But Paul is not only a talented salesperson and entrepreneur, he also has a heart for the community. His local bank manager put him in touch with Center 55, and since then, Paul has regularly donated prizes for the organization’s golf tournament, a major fundraiser. He has also been running the putting contest. In recent years he became even more involved and wanted to generate additional funds to help feed people. He donated 640 hot dogs for the BBQ during the Beaches Jazz Festival and also worked at the event. The barbecue has become a regular part of the Jazz Festival and now raises even more funds for local community programs. Gene joked that Paul had received one of Center 55’s coveted jackets, an item he would also love to get his hands on considering his extensive volunteer work at Center 55.

I then had the opportunity to reconnect with Arie, who mentioned that he has been the president of the Beach Hebrew Institute for many years and really enjoys his community work. He also teaches the kids about Jewish traditions as well as Hebrew reading skills for their bar/bat mitzvahs. He describes his congregation as eclectic and includes all kinds of professions and people from all walks of life. Arie said he needs to continually maintain membership so the congregation can maintain this beautiful building.

As we spoke, about 25 to 30 regulars were enjoying their lunches, sitting in the community room in the basement of the Beach Synagogue. Today’s lunch included a vegetable soup, several types of sandwiches, and a diverse array of desserts, including baked goods and fresh fruit. The atmosphere was nice and it seemed like people had known each other for a long time.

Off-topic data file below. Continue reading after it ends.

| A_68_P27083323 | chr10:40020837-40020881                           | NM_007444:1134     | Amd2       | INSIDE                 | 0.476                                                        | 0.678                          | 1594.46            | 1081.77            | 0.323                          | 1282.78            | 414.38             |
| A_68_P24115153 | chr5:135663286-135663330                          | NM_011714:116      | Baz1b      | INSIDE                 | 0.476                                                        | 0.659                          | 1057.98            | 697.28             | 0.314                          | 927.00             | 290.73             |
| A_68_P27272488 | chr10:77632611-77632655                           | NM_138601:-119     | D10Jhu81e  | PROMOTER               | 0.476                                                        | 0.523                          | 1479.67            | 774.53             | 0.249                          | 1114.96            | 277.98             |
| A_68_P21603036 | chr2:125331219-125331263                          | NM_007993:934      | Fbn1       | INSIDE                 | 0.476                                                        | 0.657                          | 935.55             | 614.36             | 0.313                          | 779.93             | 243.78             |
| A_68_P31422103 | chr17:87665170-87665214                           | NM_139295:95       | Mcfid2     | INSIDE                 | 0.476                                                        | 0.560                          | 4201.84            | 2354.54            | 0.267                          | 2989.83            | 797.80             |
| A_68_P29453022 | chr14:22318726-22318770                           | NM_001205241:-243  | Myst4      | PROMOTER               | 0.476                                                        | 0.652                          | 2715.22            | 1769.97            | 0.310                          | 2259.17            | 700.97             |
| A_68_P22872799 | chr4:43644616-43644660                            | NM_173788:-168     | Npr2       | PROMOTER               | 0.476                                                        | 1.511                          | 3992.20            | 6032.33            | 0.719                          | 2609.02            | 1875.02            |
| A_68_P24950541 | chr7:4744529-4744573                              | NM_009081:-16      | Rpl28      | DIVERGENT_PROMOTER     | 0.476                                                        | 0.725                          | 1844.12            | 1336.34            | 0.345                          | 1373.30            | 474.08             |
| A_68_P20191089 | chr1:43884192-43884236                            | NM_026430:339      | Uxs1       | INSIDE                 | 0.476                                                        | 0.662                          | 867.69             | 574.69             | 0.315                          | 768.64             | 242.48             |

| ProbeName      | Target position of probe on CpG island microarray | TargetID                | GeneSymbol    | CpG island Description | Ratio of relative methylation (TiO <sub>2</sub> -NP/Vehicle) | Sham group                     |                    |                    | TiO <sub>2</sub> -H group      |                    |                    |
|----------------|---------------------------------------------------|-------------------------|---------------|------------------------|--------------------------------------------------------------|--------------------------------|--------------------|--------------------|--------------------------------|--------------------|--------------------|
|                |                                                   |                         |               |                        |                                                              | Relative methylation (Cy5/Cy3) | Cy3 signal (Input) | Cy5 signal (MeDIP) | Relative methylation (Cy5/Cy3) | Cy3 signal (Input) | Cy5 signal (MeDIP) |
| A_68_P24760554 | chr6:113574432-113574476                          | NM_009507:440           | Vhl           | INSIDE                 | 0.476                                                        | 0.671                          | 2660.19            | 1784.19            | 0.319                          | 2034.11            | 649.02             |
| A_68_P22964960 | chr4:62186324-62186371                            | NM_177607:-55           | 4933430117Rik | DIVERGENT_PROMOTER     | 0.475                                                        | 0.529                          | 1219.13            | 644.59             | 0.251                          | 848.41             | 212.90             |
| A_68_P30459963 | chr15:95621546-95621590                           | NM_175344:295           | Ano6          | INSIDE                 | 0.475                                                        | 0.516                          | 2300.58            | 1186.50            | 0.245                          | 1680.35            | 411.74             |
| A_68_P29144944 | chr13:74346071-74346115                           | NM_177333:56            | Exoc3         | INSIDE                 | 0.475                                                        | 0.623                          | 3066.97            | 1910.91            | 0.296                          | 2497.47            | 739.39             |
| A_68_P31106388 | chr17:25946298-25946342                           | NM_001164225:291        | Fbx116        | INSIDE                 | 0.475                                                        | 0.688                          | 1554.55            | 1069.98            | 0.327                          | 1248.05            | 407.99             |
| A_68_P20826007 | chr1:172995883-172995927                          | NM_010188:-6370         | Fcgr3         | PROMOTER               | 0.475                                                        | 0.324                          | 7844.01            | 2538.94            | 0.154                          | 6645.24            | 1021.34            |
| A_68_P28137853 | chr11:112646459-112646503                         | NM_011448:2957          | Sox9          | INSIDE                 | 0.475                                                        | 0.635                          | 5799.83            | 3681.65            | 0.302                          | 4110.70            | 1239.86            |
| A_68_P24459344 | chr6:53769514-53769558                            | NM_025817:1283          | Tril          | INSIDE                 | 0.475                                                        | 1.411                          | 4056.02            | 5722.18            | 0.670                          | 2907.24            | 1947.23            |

I also had the opportunity to speak with Celia Gould, another volunteer who has been helping with the foster care for about four years. Celia comes every Wednesday at 9 am and helps prepare the food in the upstairs kitchen, which she takes downstairs to the community room. Other ladies come from other churches to help prepare the food and usually leave by 10:30 am. From 11 o’clock the guests enter and begin to enjoy their meals.

Celia explained that the soup usually comes packaged in frozen cubes from the Food Bank, sometimes it is also delivered in cans. The meals are always fresh and highly nutritious. Celia has lived on the beach since 1987 and she enjoys the neighborhood, especially since you can get everywhere without the need for a car. Her children have gone to school in this neighborhood. She likes to volunteer and she appreciates that Arie includes her. She finds the walk-in activity very healthy and enjoys interacting with the local seniors who help with meal preparation.

Some of the volunteers are over ninety years old and all are regulars. Celia hardly ever misses a Wednesday and she loves to support the visiting program. She says that Arie is her hero and she is very proud to know him.

I bet many of the regulars at the drop-in feel the same way.

Leave a Reply

Your email address will not be published. Required fields are marked *

Pain relief for tense muscles

November 19, 2022